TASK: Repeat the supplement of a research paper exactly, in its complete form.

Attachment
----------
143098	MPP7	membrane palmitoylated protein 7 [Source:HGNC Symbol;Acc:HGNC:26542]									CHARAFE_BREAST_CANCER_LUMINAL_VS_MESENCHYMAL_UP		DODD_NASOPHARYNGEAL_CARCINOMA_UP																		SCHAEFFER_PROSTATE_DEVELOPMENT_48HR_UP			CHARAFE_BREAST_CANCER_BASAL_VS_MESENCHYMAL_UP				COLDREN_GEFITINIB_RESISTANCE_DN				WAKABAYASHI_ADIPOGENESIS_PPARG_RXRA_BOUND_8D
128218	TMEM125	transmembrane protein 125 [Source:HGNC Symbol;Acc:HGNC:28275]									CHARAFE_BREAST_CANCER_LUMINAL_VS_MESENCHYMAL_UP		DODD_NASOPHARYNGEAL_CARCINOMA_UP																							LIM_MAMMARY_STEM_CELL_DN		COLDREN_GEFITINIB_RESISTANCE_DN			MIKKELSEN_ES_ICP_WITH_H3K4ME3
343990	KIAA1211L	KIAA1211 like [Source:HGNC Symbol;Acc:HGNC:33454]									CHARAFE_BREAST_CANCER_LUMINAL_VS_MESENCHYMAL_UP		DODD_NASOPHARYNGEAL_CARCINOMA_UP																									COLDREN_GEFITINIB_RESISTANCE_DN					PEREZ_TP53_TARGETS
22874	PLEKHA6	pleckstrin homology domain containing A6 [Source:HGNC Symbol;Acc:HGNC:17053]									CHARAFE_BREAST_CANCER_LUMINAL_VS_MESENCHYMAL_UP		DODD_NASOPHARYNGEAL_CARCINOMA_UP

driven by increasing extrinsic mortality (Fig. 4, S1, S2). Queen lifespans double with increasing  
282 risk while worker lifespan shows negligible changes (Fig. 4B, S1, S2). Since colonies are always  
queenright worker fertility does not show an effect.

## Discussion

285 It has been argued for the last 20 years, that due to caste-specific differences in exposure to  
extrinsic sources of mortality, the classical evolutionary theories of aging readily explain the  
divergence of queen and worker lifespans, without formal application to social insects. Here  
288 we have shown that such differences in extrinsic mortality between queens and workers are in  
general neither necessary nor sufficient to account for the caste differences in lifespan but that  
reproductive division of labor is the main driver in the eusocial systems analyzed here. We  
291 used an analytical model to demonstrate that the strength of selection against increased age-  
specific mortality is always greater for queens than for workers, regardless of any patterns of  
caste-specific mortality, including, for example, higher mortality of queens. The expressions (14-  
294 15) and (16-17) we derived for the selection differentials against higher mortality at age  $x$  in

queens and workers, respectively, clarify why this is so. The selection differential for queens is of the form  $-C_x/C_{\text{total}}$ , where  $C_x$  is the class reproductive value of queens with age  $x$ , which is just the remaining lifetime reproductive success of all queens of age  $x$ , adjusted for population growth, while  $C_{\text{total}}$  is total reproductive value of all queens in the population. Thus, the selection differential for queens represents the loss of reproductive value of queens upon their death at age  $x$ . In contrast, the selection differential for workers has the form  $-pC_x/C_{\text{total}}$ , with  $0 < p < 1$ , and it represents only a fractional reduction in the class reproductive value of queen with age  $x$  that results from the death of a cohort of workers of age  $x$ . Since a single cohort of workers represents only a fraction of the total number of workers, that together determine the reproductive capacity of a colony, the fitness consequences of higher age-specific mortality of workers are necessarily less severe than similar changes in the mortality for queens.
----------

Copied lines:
143098	MPP7	membrane palmitoylated protein 7 [Source:HGNC Symbol;Acc:HGNC:26542]									CHARAFE_BREAST_CANCER_LUMINAL_VS_MESENCHYMAL_UP		DODD_NASOPHARYNGEAL_CARCINOMA_UP																		SCHAEFFER_PROSTATE_DEVELOPMENT_48HR_UP			CHARAFE_BREAST_CANCER_BASAL_VS_MESENCHYMAL_UP				COLDREN_GEFITINIB_RESISTANCE_DN				WAKABAYASHI_ADIPOGENESIS_PPARG_RXRA_BOUND_8D
128218	TMEM125	transmembrane protein 125 [Source:HGNC Symbol;Acc:HGNC:28275]									CHARAFE_BREAST_CANCER_LUMINAL_VS_MESENCHYMAL_UP		DODD_NASOPHARYNGEAL_CARCINOMA_UP																							LIM_MAMMARY_STEM_CELL_DN		COLDREN_GEFITINIB_RESISTANCE_DN			MIKKELSEN_ES_ICP_WITH_H3K4ME3
343990	KIAA1211L	KIAA1211 like [Source:HGNC Symbol;Acc:HGNC:33454]									CHARAFE_BREAST_CANCER_LUMINAL_VS_MESENCHYMAL_UP		DODD_NASOPHARYNGEAL_CARCINOMA_UP																									COLDREN_GEFITINIB_RESISTANCE_DN					PEREZ_TP53_TARGETS
22874	PLEKHA6	pleckstrin homology domain containing A6 [Source:HGNC Symbol;Acc:HGNC:17053]									CHARAFE_BREAST_CANCER_LUMINAL_VS_MESENCHYMAL_UP		DODD_NASOPHARYNGEAL_CARCINOMA_UP

driven by increasing extrinsic mortality (Fig. 4, S1, S2). Queen lifespans double with increasing  
282 risk while worker lifespan shows negligible changes (Fig. 4B, S1, S2). Since colonies are always  
queenright worker fertility does not show an effect.

## Discussion

285 It has been argued for the last 20 years, that due to caste-specific differences in exposure to  
extrinsic sources of mortality, the classical evolutionary theories of aging readily explain the  
divergence of queen and worker lifespans, without formal application to social insects. Here  
288 we have shown that such differences in extrinsic mortality between queens and workers are in  
general neither necessary nor sufficient to account for the caste differences in lifespan but that  
reproductive division of labor is the main driver in the eusocial systems analyzed here. We  
291 used an analytical model to demonstrate that the strength of selection against increased age-  
specific mortality is always greater for queens than for workers, regardless of any patterns of  
caste-specific mortality, including, for example, higher mortality of queens. The expressions (14-  
294 15) and (16-17) we derived for the selection differentials against higher mortality at age  $x$  in

queens and workers, respectively, clarify why this is so. The selection differential for queens is of the form  $-C_x/C_{\text{total}}$ , where  $C_x$  is the class reproductive value of queens with age  $x$ , which is just the remaining lifetime reproductive success of all queens of age  $x$ , adjusted for population growth, while  $C_{\text{total}}$  is total reproductive value of all queens in the population. Thus, the selection differential for queens represents the loss of reproductive value of queens upon their death at age  $x$ . In contrast, the selection differential for workers has the form  $-pC_x/C_{\text{total}}$ , with  $0 < p < 1$ , and it represents only a fractional reduction in the class reproductive value of queen with age  $x$  that results from the death of a cohort of workers of age  $x$ . Since a single cohort of workers represents only a fraction of the total number of workers, that together determine the reproductive capacity of a colony, the fitness consequences of higher age-specific mortality of workers are necessarily less severe than similar changes in the mortality for queens.